26 July 2021

Community Science as a Method of #SciComm and #SciPol

Posted by Shane Hanlon

By Lauren Haygood

Heading to test water in the wetland at Oxley Nature Center. Credit: Lauren Haygood

Are you interested in breaking down jargon in your scientific field to be more inclusive of others?  I found a community-oriented science project did just that.  After receiving messages and questions about the state of water systems in Oklahoma during late spring/early summer of 2020, I knew there was an interest within my community to understand water quality.  I found that many people associated water quality to be either ‘good’ or ‘bad’, and primarily refer to bacteria.  I realized water quality can be a confusing topic to people, as it is dependent on the intended use (recreation, supporting aquatic life, and/or drinking water), and even though bacteria is one component of water quality, there are other components, such as pH, dissolved oxygen, salinity, metals, pesticides, turbidity, and more.

This inspired me to start a community-science project focusing on water quality, to break down the current jargon barriers and empower the community to get more involved in water quality and policy action.

This project involved short on-site field session where we would do on-site sample collection and analysis.  This would be followed by a discussion of what the results meant in terms of EPA criteria.  The parameters tested for were driven by the interests of the community, so the focus was on physiochemical parameters and metals.  The project included a water quality test kit and handouts, with information on water quality and engaging with legislators.

The Arkansas River, which is one river we’ve been monitoring. Credit: Lauren Haygood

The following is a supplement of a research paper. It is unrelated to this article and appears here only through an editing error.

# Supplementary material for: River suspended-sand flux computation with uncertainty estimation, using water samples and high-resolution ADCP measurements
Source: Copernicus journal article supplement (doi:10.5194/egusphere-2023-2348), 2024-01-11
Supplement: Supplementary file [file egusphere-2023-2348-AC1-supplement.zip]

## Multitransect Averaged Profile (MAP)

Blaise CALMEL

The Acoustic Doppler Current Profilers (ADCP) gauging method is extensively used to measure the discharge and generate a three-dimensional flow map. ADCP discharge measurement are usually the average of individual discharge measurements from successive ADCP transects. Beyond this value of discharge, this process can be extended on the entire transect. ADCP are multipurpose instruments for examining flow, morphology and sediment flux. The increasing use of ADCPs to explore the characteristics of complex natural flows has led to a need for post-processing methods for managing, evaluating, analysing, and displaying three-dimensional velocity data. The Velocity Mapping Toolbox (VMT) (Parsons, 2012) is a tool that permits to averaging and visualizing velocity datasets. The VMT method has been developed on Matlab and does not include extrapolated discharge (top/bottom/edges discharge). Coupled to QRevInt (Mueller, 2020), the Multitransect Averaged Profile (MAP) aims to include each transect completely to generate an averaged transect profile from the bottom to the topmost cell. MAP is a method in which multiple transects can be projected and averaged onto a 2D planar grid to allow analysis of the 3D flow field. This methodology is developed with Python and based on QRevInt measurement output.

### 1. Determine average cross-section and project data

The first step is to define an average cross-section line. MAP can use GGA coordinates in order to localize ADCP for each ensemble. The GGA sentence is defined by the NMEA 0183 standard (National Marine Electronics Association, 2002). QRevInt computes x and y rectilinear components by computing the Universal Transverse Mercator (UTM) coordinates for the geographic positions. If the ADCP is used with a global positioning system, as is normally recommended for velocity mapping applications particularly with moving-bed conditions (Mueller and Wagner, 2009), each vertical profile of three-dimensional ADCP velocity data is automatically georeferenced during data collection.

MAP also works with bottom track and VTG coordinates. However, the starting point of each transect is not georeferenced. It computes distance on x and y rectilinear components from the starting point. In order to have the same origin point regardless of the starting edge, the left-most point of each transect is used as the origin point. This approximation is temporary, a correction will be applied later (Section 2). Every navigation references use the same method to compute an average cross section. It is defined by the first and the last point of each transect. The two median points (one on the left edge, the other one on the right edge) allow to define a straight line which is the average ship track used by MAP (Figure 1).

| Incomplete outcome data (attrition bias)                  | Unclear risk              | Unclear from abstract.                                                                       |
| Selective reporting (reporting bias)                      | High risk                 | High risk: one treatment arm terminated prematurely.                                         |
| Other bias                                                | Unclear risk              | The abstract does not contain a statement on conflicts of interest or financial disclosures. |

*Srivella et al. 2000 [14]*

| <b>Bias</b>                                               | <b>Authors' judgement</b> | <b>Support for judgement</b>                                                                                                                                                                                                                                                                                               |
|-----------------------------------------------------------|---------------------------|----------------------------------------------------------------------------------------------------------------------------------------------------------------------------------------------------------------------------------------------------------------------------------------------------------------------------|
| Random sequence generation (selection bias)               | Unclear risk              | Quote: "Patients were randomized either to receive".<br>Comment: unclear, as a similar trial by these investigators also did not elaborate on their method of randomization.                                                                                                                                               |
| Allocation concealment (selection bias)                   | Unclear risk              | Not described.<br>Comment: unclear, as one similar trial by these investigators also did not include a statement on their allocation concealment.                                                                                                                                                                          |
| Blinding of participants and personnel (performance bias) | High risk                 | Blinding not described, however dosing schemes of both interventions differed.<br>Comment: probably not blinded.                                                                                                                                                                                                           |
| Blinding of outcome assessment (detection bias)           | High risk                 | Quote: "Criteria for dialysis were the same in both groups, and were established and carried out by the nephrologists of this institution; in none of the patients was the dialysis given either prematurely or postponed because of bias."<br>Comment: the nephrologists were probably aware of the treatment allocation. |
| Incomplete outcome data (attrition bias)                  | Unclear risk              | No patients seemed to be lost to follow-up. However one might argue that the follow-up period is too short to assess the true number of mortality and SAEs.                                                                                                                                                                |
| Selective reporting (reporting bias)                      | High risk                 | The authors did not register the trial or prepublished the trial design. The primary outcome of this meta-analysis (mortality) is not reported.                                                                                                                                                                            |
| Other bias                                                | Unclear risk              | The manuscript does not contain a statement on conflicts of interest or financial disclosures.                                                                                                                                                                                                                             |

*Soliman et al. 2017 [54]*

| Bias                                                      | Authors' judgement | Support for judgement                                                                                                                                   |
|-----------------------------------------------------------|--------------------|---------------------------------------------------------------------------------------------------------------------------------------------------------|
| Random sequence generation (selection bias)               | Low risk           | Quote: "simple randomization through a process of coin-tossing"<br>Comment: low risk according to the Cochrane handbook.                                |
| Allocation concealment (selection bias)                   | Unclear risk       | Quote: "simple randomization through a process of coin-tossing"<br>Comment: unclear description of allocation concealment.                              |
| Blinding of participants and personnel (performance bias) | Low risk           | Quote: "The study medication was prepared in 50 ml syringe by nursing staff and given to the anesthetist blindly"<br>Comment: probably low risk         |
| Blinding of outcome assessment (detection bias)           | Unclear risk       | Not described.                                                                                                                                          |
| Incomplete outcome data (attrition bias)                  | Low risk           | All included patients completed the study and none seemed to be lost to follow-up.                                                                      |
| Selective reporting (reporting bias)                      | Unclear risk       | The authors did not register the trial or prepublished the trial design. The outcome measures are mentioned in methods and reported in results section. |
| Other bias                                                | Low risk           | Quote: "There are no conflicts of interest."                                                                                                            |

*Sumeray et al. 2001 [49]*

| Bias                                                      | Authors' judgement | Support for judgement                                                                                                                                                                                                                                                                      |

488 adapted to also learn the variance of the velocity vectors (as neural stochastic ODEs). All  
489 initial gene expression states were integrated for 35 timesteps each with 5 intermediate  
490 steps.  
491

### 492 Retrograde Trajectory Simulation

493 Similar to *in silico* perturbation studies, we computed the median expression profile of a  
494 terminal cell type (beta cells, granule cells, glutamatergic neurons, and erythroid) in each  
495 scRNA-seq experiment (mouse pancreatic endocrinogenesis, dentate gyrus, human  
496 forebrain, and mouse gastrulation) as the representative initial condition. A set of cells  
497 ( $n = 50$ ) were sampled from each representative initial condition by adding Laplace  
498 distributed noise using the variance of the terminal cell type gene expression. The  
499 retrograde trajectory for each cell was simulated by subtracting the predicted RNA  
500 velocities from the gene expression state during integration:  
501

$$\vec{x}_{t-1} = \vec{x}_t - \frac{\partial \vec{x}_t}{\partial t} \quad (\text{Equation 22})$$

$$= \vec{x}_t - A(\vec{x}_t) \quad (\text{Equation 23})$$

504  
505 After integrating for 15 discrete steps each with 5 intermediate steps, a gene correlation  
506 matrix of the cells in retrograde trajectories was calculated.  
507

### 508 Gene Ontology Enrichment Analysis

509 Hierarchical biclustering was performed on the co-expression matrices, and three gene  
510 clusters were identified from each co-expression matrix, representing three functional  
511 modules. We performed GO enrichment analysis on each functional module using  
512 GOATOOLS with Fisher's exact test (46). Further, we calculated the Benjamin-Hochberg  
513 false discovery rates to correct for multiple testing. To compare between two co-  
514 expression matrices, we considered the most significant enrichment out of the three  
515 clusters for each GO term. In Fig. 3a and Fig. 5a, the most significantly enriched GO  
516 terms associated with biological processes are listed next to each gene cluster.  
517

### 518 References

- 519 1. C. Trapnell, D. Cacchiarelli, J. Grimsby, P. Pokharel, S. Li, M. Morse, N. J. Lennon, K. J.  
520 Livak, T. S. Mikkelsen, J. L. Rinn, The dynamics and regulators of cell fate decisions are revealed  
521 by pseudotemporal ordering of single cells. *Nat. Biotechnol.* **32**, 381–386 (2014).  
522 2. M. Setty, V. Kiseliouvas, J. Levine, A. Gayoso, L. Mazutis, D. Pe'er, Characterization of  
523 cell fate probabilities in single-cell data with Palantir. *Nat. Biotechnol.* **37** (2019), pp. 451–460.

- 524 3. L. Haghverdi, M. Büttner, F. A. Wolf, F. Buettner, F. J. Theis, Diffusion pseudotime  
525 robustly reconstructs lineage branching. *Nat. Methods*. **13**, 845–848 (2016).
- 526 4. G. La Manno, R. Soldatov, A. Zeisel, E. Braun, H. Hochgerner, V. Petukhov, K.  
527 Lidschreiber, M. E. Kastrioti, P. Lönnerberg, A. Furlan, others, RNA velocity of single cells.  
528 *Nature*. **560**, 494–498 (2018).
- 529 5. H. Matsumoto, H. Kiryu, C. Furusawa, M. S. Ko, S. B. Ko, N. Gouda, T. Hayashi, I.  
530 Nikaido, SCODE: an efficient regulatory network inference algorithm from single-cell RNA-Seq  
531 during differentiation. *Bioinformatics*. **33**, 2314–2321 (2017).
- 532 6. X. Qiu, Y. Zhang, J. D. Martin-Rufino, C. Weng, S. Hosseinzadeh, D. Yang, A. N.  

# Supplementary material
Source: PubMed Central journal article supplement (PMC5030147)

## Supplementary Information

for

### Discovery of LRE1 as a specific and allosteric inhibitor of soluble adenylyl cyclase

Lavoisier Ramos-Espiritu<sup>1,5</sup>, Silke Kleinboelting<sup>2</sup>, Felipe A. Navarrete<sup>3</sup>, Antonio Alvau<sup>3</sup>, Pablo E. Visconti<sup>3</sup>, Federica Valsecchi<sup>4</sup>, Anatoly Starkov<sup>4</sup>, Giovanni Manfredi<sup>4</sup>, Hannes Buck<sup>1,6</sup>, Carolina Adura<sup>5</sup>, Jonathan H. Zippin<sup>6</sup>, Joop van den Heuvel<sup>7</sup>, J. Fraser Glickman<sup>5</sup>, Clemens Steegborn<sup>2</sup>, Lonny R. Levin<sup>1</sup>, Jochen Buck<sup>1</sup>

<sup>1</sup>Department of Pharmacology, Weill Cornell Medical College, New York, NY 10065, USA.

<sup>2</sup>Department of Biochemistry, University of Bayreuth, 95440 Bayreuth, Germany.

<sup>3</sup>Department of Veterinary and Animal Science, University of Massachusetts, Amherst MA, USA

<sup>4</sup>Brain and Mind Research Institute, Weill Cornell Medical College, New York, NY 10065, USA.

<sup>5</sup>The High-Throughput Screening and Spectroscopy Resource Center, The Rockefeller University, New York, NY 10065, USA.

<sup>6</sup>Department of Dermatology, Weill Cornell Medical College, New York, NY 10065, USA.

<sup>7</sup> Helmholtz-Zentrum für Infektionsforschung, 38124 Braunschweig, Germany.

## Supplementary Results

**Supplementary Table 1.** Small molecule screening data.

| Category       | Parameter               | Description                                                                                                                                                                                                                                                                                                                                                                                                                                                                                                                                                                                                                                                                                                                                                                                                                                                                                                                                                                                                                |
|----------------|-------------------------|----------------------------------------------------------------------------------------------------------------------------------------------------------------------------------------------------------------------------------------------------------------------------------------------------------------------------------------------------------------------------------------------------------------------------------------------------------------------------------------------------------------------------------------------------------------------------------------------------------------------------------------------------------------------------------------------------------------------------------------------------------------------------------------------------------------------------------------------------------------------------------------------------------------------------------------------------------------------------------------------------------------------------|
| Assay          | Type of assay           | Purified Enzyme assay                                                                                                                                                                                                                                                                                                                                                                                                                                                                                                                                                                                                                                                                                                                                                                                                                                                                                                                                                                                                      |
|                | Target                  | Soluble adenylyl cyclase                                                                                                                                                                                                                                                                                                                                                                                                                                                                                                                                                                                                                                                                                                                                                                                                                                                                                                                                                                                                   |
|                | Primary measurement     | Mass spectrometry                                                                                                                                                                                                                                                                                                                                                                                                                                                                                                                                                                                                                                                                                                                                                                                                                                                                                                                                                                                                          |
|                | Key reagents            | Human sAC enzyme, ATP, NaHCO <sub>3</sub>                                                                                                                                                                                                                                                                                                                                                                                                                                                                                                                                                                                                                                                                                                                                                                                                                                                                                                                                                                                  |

The project grew rapidly, as not only were people testing water in their free time, but a few teachers incorporated the project into their classrooms, including having their students write to legislators about their gathered data.   When the 2021 Oklahoma legislative session started, there were more community members ready and willing to take-action concerning environment and water-related legislation.  In summary, over 500 people have been involved in the project, and we’ve only covered a few water systems in the eastern portion of the state.

Through this project, I learned interests of the community in research and policy included water sustainability, aquatic life, safe drinking water, water management practices, and instream flow. I have learned that meeting the community where they are at and walking with them builds trust and is effective in both science communication and science policy.

Currently, I am drafting a summary of achievements from this project so far to share with the community and am planning for National Water Quality Month in August.

-Lauren Haygood is a PhD student at Oklahoma State University (OSU) and AGU Voices for Science Advocate. Find her on Twitter.